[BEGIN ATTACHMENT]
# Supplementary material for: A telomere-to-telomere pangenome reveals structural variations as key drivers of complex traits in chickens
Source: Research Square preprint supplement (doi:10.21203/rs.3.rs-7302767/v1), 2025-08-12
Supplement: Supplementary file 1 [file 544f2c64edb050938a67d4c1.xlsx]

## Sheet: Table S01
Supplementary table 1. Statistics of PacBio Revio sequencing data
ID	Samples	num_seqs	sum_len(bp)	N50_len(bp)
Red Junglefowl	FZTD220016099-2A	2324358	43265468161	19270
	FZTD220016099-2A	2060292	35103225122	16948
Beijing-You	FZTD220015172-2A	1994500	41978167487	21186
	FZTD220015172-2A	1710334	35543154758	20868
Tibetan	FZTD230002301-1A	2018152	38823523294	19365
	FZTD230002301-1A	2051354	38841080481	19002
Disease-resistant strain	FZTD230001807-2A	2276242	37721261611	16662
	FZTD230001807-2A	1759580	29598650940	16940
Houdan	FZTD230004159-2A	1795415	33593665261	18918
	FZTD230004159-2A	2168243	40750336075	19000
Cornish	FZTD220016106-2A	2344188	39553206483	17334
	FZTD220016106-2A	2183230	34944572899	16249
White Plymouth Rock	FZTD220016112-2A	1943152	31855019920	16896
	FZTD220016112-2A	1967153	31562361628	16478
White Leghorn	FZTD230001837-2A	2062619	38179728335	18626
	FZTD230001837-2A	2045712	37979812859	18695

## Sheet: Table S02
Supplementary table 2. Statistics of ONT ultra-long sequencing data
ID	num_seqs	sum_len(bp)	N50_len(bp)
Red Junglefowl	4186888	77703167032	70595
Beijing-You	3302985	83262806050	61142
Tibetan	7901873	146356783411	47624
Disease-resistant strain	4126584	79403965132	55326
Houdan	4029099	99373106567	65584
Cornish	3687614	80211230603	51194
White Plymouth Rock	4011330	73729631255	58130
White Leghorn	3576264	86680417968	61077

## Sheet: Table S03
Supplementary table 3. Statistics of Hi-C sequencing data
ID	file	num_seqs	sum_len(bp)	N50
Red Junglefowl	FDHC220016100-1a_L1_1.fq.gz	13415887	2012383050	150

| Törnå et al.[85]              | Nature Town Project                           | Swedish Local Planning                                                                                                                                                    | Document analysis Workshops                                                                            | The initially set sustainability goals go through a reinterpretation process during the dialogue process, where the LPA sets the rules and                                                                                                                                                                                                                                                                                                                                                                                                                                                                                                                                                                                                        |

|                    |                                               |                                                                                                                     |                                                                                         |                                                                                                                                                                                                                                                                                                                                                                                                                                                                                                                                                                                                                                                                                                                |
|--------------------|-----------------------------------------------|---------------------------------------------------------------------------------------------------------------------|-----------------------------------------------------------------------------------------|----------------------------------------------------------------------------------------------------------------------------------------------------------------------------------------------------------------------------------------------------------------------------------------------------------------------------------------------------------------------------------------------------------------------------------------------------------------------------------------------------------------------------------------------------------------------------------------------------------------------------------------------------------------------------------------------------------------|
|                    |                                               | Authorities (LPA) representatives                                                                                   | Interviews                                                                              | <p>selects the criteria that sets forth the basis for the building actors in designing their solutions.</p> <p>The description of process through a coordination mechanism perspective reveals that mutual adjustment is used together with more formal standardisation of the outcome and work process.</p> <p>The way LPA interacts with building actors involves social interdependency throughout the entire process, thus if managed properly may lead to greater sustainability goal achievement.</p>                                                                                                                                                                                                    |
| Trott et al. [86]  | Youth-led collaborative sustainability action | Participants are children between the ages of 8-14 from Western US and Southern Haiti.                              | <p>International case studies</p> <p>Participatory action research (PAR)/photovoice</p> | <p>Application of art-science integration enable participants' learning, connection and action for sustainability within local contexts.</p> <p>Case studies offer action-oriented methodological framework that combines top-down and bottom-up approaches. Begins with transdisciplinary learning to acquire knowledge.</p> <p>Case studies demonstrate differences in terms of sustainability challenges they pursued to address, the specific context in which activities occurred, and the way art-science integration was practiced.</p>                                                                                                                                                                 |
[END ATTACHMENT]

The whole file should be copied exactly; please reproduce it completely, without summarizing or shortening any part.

# Supplementary material for: A telomere-to-telomere pangenome reveals structural variations as key drivers of complex traits in chickens
Source: Research Square preprint supplement (doi:10.21203/rs.3.rs-7302767/v1), 2025-08-12
Supplement: Supplementary file 1 [file 544f2c64edb050938a67d4c1.xlsx]

## Sheet: Table S01
Supplementary table 1. Statistics of PacBio Revio sequencing data
ID	Samples	num_seqs	sum_len(bp)	N50_len(bp)
Red Junglefowl	FZTD220016099-2A	2324358	43265468161	19270
	FZTD220016099-2A	2060292	35103225122	16948
Beijing-You	FZTD220015172-2A	1994500	41978167487	21186
	FZTD220015172-2A	1710334	35543154758	20868
Tibetan	FZTD230002301-1A	2018152	38823523294	19365
	FZTD230002301-1A	2051354	38841080481	19002
Disease-resistant strain	FZTD230001807-2A	2276242	37721261611	16662
	FZTD230001807-2A	1759580	29598650940	16940
Houdan	FZTD230004159-2A	1795415	33593665261	18918
	FZTD230004159-2A	2168243	40750336075	19000
Cornish	FZTD220016106-2A	2344188	39553206483	17334
	FZTD220016106-2A	2183230	34944572899	16249
White Plymouth Rock	FZTD220016112-2A	1943152	31855019920	16896
	FZTD220016112-2A	1967153	31562361628	16478
White Leghorn	FZTD230001837-2A	2062619	38179728335	18626
	FZTD230001837-2A	2045712	37979812859	18695

## Sheet: Table S02
Supplementary table 2. Statistics of ONT ultra-long sequencing data
ID	num_seqs	sum_len(bp)	N50_len(bp)
Red Junglefowl	4186888	77703167032	70595
Beijing-You	3302985	83262806050	61142
Tibetan	7901873	146356783411	47624
Disease-resistant strain	4126584	79403965132	55326
Houdan	4029099	99373106567	65584
Cornish	3687614	80211230603	51194
White Plymouth Rock	4011330	73729631255	58130
White Leghorn	3576264	86680417968	61077

## Sheet: Table S03
Supplementary table 3. Statistics of Hi-C sequencing data
ID	file	num_seqs	sum_len(bp)	N50
Red Junglefowl	FDHC220016100-1a_L1_1.fq.gz	13415887	2012383050	150

| Törnå et al.[85]              | Nature Town Project                           | Swedish Local Planning                                                                                                                                                    | Document analysis Workshops                                                                            | The initially set sustainability goals go through a reinterpretation process during the dialogue process, where the LPA sets the rules and                                                                                                                                                                                                                                                                                                                                                                                                                                                                                                                                                                                                        |

|                    |                                               |                                                                                                                     |                                                                                         |                                                                                                                                                                                                                                                                                                                                                                                                                                                                                                                                                                                                                                                                                                                |
|--------------------|-----------------------------------------------|---------------------------------------------------------------------------------------------------------------------|-----------------------------------------------------------------------------------------|----------------------------------------------------------------------------------------------------------------------------------------------------------------------------------------------------------------------------------------------------------------------------------------------------------------------------------------------------------------------------------------------------------------------------------------------------------------------------------------------------------------------------------------------------------------------------------------------------------------------------------------------------------------------------------------------------------------|
|                    |                                               | Authorities (LPA) representatives                                                                                   | Interviews                                                                              | <p>selects the criteria that sets forth the basis for the building actors in designing their solutions.</p> <p>The description of process through a coordination mechanism perspective reveals that mutual adjustment is used together with more formal standardisation of the outcome and work process.</p> <p>The way LPA interacts with building actors involves social interdependency throughout the entire process, thus if managed properly may lead to greater sustainability goal achievement.</p>                                                                                                                                                                                                    |
| Trott et al. [86]  | Youth-led collaborative sustainability action | Participants are children between the ages of 8-14 from Western US and Southern Haiti.                              | <p>International case studies</p> <p>Participatory action research (PAR)/photovoice</p> | <p>Application of art-science integration enable participants' learning, connection and action for sustainability within local contexts.</p> <p>Case studies offer action-oriented methodological framework that combines top-down and bottom-up approaches. Begins with transdisciplinary learning to acquire knowledge.</p> <p>Case studies demonstrate differences in terms of sustainability challenges they pursued to address, the specific context in which activities occurred, and the way art-science integration was practiced.</p>                                                                                                                                                                 |